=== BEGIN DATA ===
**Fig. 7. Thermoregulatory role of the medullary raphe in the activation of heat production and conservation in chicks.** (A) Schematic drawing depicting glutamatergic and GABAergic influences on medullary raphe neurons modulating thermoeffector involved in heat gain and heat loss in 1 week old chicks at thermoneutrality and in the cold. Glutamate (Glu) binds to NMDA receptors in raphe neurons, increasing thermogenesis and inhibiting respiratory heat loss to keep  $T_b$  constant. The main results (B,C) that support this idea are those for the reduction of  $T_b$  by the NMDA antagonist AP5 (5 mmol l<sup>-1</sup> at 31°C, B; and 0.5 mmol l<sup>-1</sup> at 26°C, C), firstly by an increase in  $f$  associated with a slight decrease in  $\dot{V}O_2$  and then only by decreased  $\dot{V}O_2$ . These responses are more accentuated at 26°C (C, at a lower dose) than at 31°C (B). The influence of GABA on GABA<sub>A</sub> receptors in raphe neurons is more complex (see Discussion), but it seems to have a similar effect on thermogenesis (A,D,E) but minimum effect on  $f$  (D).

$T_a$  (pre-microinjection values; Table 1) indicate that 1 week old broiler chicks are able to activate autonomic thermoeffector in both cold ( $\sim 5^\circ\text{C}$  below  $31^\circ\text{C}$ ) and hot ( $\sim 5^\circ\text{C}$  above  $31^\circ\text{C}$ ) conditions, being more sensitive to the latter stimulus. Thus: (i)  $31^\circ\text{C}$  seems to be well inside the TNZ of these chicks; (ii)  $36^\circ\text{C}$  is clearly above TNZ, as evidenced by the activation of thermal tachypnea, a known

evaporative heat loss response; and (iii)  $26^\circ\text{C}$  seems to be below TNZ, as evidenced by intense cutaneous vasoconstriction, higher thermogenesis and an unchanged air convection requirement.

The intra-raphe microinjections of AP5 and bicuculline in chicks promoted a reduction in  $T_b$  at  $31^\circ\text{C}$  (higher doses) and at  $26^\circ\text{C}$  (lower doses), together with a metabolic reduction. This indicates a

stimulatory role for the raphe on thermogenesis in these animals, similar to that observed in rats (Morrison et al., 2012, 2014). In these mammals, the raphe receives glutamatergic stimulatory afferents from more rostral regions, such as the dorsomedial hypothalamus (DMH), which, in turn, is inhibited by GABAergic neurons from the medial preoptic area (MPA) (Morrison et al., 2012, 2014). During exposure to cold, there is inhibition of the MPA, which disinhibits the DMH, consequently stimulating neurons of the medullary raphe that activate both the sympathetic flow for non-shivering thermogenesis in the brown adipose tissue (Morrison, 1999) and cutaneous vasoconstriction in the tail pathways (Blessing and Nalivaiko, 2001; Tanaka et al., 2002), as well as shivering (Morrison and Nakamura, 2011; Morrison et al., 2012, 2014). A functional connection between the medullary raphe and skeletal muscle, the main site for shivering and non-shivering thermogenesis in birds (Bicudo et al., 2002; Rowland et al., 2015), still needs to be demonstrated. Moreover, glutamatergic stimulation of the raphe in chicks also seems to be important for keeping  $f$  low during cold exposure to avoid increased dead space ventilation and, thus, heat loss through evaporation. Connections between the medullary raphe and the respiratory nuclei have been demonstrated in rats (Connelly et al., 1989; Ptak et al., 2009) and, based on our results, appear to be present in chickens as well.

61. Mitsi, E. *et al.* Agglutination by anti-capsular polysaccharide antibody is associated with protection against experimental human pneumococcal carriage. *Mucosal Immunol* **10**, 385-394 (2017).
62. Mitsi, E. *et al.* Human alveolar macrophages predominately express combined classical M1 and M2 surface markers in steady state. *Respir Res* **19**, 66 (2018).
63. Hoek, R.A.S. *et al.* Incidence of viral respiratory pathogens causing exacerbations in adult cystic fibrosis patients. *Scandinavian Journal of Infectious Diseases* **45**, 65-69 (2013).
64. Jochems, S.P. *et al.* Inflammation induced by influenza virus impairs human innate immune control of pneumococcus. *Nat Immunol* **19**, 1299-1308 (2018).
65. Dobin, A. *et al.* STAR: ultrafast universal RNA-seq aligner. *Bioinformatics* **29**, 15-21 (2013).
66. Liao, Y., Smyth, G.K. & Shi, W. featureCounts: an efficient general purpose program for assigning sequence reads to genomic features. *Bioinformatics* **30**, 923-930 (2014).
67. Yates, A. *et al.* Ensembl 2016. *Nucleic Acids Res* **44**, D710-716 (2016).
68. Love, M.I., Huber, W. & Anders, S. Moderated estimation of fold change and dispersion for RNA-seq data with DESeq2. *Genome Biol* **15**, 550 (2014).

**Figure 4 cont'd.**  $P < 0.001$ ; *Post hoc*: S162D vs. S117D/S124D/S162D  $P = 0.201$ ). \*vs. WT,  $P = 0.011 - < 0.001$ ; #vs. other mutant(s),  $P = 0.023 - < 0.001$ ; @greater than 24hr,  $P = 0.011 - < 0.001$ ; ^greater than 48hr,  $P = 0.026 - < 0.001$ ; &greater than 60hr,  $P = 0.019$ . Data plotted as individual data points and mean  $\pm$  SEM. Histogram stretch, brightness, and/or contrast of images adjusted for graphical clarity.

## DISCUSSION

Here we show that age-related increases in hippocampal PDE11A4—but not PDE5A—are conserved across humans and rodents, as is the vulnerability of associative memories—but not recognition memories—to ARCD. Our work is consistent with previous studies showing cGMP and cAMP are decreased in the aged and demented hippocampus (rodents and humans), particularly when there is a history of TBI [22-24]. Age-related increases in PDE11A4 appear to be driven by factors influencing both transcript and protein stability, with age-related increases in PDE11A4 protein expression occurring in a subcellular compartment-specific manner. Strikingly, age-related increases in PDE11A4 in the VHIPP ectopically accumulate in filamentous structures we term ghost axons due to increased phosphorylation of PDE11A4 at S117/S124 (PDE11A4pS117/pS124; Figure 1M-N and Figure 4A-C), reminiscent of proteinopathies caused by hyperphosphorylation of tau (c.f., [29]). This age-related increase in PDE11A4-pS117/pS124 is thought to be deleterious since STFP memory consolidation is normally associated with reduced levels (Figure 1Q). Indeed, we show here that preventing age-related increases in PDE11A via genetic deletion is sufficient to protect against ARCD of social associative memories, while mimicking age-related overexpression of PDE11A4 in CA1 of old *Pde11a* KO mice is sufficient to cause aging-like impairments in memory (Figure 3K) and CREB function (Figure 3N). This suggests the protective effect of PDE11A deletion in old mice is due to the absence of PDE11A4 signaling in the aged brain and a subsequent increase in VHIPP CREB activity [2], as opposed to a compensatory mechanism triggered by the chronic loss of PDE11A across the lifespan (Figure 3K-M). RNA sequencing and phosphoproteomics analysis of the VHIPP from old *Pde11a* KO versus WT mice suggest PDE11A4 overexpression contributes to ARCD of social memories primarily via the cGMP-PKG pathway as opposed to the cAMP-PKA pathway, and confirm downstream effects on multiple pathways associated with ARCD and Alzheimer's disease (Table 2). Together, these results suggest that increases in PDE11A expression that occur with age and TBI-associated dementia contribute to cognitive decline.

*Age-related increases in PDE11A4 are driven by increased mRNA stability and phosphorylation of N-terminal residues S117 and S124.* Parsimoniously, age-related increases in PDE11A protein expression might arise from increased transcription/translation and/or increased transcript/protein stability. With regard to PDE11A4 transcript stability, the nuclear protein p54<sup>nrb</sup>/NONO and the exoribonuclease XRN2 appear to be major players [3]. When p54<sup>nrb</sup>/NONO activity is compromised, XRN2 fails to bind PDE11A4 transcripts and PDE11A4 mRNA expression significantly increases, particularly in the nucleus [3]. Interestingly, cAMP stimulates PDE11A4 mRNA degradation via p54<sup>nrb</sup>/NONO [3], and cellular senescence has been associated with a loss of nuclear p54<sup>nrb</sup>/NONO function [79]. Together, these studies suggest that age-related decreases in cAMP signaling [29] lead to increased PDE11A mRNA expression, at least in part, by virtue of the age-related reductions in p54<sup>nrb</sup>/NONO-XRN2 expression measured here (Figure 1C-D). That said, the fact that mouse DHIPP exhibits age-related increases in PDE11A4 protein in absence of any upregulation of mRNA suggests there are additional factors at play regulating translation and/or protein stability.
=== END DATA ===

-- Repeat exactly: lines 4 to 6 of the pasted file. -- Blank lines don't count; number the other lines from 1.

The intra-raphe microinjections of AP5 and bicuculline in chicks promoted a reduction in  $T_b$  at  $31^\circ\text{C}$  (higher doses) and at  $26^\circ\text{C}$  (lower doses), together with a metabolic reduction. This indicates a

stimulatory role for the raphe on thermogenesis in these animals, similar to that observed in rats (Morrison et al., 2012, 2014). In these mammals, the raphe receives glutamatergic stimulatory afferents from more rostral regions, such as the dorsomedial hypothalamus (DMH), which, in turn, is inhibited by GABAergic neurons from the medial preoptic area (MPA) (Morrison et al., 2012, 2014). During exposure to cold, there is inhibition of the MPA, which disinhibits the DMH, consequently stimulating neurons of the medullary raphe that activate both the sympathetic flow for non-shivering thermogenesis in the brown adipose tissue (Morrison, 1999) and cutaneous vasoconstriction in the tail pathways (Blessing and Nalivaiko, 2001; Tanaka et al., 2002), as well as shivering (Morrison and Nakamura, 2011; Morrison et al., 2012, 2014). A functional connection between the medullary raphe and skeletal muscle, the main site for shivering and non-shivering thermogenesis in birds (Bicudo et al., 2002; Rowland et al., 2015), still needs to be demonstrated. Moreover, glutamatergic stimulation of the raphe in chicks also seems to be important for keeping  $f$  low during cold exposure to avoid increased dead space ventilation and, thus, heat loss through evaporation. Connections between the medullary raphe and the respiratory nuclei have been demonstrated in rats (Connelly et al., 1989; Ptak et al., 2009) and, based on our results, appear to be present in chickens as well.

61. Mitsi, E. *et al.* Agglutination by anti-capsular polysaccharide antibody is associated with protection against experimental human pneumococcal carriage. *Mucosal Immunol* **10**, 385-394 (2017).